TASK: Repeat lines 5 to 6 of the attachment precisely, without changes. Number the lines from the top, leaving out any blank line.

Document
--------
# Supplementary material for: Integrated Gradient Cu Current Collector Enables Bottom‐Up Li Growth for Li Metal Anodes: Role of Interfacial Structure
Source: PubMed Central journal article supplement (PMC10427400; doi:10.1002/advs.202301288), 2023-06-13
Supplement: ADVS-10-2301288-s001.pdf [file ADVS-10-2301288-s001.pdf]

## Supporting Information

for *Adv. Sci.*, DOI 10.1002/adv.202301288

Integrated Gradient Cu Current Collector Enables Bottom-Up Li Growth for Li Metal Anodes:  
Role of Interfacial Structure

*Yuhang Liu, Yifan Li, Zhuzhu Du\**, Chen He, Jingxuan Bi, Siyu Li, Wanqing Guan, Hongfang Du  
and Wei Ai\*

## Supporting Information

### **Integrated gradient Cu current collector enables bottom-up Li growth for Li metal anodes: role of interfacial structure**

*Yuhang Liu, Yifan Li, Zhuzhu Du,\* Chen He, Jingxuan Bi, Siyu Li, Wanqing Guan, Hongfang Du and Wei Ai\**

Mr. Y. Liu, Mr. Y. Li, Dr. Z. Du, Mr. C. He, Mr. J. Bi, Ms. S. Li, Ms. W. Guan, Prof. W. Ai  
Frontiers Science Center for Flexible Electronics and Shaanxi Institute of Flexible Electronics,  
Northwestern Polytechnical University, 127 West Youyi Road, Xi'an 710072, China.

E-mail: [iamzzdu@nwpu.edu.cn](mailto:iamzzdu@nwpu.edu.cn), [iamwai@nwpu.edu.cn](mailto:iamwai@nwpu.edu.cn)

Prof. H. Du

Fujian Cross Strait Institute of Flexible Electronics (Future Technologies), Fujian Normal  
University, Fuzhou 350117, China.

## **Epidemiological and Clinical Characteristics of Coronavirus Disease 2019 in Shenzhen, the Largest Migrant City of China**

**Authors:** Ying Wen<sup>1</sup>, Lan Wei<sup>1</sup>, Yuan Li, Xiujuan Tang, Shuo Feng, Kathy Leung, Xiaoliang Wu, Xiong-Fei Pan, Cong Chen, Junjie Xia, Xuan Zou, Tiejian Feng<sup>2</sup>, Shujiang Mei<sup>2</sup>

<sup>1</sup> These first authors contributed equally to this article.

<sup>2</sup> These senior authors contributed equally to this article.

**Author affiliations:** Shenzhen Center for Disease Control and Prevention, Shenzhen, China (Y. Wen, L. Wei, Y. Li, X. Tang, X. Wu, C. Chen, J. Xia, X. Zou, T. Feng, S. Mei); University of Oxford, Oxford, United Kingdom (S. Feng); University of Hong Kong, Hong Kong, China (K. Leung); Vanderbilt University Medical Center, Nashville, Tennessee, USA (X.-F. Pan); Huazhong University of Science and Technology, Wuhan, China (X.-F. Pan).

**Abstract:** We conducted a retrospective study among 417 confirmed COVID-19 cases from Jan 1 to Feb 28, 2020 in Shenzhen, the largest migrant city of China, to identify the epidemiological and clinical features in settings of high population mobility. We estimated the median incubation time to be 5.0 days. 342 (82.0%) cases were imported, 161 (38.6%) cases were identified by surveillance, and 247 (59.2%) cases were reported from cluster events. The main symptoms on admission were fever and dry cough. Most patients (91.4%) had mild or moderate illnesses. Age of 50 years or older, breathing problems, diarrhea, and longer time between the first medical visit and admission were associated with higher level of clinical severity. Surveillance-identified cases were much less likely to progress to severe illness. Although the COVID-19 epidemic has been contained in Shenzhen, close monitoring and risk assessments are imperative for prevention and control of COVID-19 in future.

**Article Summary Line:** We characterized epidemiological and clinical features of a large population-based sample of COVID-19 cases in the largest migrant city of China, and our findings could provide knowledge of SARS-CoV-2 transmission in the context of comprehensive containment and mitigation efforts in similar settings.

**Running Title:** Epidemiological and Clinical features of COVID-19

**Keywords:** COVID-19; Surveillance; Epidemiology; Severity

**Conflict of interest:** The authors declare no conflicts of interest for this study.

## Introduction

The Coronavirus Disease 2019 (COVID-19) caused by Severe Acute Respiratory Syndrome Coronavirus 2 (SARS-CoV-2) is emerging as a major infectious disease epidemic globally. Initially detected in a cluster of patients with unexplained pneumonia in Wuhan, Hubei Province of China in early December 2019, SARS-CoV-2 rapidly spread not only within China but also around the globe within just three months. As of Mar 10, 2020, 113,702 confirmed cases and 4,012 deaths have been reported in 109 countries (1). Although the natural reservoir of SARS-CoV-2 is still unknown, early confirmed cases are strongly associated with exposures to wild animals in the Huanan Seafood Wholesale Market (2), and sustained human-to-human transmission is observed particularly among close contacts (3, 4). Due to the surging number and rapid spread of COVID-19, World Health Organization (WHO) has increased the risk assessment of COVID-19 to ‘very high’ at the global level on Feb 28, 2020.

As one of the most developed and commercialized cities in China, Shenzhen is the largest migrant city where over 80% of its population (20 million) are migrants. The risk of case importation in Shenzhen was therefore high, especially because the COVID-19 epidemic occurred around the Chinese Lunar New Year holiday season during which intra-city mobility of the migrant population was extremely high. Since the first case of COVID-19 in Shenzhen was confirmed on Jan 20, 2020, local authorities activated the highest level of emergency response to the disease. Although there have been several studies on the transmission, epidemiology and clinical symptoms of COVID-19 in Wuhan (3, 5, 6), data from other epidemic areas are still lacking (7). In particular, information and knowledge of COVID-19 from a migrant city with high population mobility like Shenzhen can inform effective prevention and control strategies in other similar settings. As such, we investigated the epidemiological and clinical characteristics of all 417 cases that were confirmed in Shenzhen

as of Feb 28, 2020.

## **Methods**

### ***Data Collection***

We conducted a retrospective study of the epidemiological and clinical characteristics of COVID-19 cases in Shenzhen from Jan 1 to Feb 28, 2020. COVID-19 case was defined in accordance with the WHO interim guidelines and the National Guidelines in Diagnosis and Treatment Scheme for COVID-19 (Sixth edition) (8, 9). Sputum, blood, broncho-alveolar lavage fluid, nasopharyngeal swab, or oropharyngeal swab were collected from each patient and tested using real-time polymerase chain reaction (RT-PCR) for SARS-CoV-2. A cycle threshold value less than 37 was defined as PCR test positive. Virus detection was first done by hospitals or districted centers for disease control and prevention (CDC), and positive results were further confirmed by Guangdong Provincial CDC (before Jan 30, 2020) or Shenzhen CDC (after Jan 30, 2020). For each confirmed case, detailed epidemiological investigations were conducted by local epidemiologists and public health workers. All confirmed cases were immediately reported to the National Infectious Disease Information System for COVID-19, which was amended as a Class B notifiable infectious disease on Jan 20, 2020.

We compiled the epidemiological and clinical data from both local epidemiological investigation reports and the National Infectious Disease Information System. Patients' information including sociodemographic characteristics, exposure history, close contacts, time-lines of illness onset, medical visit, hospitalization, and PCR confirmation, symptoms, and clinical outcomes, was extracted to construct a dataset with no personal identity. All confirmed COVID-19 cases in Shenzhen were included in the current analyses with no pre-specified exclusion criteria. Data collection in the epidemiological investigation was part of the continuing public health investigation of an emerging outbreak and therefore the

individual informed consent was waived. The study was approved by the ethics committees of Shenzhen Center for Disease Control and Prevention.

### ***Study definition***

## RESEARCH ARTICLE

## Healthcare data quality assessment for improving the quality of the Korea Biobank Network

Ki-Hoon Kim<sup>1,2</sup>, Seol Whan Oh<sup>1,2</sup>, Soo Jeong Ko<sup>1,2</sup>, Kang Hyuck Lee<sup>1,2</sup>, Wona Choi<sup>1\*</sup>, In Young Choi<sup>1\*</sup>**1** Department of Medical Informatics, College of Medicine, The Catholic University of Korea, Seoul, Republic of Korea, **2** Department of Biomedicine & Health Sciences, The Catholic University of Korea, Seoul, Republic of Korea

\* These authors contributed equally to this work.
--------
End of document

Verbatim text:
for *Adv. Sci.*, DOI 10.1002/adv.202301288

Integrated Gradient Cu Current Collector Enables Bottom-Up Li Growth for Li Metal Anodes:  